All of us have taken a unique path throughout our professional life to get to where we are now. While it all may seem somewhat like aimless wandering, it seems to come together in the long run. My story is no different. Twenty-five years ago, I had not imagined that, at some point in my career, I would be, helping influence and direct the technology strategy of a $1.2 billion integrated healthcare delivery system in Michigan. I started out as a fresh graduate from medical school (All India Institute if Medical Sciences, New Delhi, India) in 1993 and have never stopped learning since. I did a residency in Family Medicine from West Virginia University, completed a Master’s program in Medical Informatics at Northwestern University, taught medical students and residents, established and directed an adult Hospitalist program for 10 years, learnt how to navigate and negotiate with healthcare enterprises and crossed over to the “dark side” as a CMIO about 10 years ago. Now, as a Senior Vice President and CIO for an academic healthcare enterprise with 4 hospitals, 60 plus ambulatory locations and a medical school, I am responsible for a team of more than 250, managing the health care technology experience of more than 9000 employees, 1400 medical staff and a million and a half patient interactions each year (and enjoying “almost” every minute of it).
It all began by my asking too many questions of the wrong kind (why, how and when can we have/not have …..). I was drafted in to help solve the “concerns” that I was complaining about. The “ah ha!” moment happened when it dawned upon me that I could actually help grow the tech systems and tools to become a powerful ally for understanding and improving the healthcare outcomes of our communities. I decided to jump all in and thus began my journey through informatics. Another critical factor was finding the right mentor to help learn from. It helped me grow my vision and challenge myself and be inspired. The third big lesson that I have tried to carry through is knowing that there is room for a cacophony of opinions and dissent while still moving in the right direction. In a room full of individuals, acknowledging that each one of us have a different perspective and will take a different message home is very important for success. And in the end, what matters the most is that there is a huge opportunity to close the gap between where we are now and what is possible. It is up to all of us to seize the chance and make this happen (or it will be done to us and we may not like the end results) .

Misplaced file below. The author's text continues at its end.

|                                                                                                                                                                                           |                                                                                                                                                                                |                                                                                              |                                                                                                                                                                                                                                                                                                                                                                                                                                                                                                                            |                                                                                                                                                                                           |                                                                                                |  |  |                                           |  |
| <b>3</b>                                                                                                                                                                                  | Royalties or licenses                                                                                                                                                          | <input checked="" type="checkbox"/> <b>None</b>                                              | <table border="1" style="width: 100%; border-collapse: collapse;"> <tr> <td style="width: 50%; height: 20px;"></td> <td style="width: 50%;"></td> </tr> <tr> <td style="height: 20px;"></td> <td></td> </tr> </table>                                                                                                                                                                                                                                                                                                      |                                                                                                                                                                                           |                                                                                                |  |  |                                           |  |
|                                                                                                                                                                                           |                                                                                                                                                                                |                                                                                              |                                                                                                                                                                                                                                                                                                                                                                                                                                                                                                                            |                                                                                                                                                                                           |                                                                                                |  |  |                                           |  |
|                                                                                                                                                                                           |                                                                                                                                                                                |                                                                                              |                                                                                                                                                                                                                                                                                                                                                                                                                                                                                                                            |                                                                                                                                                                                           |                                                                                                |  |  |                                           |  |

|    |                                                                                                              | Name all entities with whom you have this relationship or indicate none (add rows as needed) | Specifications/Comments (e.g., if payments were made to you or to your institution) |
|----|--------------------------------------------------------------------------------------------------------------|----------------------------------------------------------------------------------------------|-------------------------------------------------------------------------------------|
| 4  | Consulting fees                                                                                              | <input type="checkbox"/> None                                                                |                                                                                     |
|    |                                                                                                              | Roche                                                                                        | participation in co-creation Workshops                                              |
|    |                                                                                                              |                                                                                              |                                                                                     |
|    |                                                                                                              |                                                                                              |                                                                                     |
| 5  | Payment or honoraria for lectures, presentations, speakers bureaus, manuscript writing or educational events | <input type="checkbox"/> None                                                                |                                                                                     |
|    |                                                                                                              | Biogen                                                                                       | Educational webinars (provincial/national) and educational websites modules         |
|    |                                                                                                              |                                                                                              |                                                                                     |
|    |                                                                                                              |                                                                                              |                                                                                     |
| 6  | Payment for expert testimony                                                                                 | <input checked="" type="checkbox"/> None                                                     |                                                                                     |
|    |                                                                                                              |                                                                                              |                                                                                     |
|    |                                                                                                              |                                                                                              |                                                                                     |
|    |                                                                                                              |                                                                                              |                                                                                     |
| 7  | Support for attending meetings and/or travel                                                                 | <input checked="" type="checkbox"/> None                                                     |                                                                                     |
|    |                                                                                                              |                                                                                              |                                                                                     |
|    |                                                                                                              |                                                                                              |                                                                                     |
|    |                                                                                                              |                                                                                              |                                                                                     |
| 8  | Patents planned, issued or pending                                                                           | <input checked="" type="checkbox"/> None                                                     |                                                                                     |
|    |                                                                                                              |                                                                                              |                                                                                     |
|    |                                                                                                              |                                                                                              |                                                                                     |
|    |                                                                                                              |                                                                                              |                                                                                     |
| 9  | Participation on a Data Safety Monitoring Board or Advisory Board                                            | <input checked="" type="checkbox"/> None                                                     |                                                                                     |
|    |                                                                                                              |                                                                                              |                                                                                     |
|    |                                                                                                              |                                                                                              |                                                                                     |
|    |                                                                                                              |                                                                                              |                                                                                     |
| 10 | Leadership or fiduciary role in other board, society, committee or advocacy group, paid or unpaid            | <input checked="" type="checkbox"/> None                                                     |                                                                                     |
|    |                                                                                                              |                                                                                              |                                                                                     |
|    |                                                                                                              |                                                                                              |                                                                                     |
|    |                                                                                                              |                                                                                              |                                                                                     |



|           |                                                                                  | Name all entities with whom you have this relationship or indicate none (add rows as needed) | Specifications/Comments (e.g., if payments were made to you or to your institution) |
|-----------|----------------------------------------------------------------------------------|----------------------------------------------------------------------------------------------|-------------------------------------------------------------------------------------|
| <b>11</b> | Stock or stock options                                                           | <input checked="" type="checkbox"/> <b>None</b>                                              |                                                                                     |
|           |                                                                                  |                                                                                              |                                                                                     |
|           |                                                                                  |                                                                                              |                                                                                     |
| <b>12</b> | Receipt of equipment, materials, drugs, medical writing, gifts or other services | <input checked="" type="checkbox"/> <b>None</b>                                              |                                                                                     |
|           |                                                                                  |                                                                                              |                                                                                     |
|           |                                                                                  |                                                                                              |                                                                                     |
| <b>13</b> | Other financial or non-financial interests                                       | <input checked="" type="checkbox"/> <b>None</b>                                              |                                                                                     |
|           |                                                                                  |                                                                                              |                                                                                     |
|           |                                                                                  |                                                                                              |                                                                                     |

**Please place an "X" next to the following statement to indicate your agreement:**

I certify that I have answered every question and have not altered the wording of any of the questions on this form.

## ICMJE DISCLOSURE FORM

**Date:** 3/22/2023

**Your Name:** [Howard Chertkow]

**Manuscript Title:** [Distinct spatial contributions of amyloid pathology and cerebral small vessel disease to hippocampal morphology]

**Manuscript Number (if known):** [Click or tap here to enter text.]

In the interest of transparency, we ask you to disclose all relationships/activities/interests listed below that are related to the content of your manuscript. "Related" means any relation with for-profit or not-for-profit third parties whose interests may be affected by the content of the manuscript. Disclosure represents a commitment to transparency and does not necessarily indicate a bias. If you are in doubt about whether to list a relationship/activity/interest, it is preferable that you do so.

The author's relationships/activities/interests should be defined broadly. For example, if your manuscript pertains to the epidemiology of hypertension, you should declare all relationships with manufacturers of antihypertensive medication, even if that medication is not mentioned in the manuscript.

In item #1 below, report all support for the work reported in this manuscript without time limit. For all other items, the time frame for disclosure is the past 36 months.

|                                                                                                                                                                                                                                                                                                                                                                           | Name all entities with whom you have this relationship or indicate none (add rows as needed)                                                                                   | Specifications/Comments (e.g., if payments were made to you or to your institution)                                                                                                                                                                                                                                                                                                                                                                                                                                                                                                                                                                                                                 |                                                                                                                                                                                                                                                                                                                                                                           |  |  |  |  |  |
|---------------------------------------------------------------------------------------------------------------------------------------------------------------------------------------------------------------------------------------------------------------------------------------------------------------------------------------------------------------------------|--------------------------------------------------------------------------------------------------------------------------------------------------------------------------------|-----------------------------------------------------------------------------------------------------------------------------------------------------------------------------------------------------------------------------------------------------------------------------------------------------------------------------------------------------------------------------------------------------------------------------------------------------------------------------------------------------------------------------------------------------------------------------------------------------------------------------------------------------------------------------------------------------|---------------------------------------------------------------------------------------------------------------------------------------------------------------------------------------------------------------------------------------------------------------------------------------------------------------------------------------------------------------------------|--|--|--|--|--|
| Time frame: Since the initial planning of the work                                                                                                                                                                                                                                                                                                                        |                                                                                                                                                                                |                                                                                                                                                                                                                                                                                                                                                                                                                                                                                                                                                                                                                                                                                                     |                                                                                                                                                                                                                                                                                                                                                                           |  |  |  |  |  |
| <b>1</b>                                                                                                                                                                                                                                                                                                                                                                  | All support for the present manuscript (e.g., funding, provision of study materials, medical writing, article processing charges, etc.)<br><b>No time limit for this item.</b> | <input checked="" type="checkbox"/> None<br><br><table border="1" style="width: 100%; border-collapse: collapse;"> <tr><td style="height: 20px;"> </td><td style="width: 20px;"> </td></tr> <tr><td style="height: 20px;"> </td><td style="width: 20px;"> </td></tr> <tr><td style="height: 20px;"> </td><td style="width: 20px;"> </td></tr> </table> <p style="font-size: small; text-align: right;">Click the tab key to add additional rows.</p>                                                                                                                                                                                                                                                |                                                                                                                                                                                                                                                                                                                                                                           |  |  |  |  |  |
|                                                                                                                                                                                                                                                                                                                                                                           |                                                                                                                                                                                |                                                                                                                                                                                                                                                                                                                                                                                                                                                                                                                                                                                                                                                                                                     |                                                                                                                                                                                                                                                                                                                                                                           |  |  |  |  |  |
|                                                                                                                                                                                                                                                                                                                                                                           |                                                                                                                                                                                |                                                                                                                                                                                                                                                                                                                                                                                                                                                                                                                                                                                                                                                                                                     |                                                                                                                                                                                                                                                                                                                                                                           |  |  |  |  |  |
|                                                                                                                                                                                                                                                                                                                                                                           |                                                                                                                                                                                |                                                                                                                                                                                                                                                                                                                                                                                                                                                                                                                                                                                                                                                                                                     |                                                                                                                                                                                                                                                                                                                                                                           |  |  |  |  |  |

About the Contributor
Ashutosh “Ash” Goel, MD, is Senior Vice President, Chief Information Officer for Bronson Healthcare. His responsibilities include: overseeing the global IT strategy for the organization, managing effective use of the electronic medical record, facilitating the use of technology to improve and coordinate patient care, and developing and enhancing the use of data analytics throughout the health system to make informed decisions that support better clinical and business outcomes. In addition, he practices medicine as an adult hospitalist on a part-time basis.
He completed his medical education at the All India Institute of Medical Sciences, New Delhi in 1993 and his graduate medical education at West Virginia University - Charleston Division. He is board certified with the American Board of Family Medicine. He also holds a master’s degree from Northwestern University, Evanston, Ill. in medical informatics. In addition, he is a member of the College of Healthcare Information Executives’ Certified Healthcare CIO (CHCIO) program and sits on the HIMSS Physician Advisory Group. He also holds a faculty position at the WMU Homer Stryker MD School of Medicine, Department of Bioinformatics. Dr. Goel is a member of the HIMSS Physician Committee for FY18.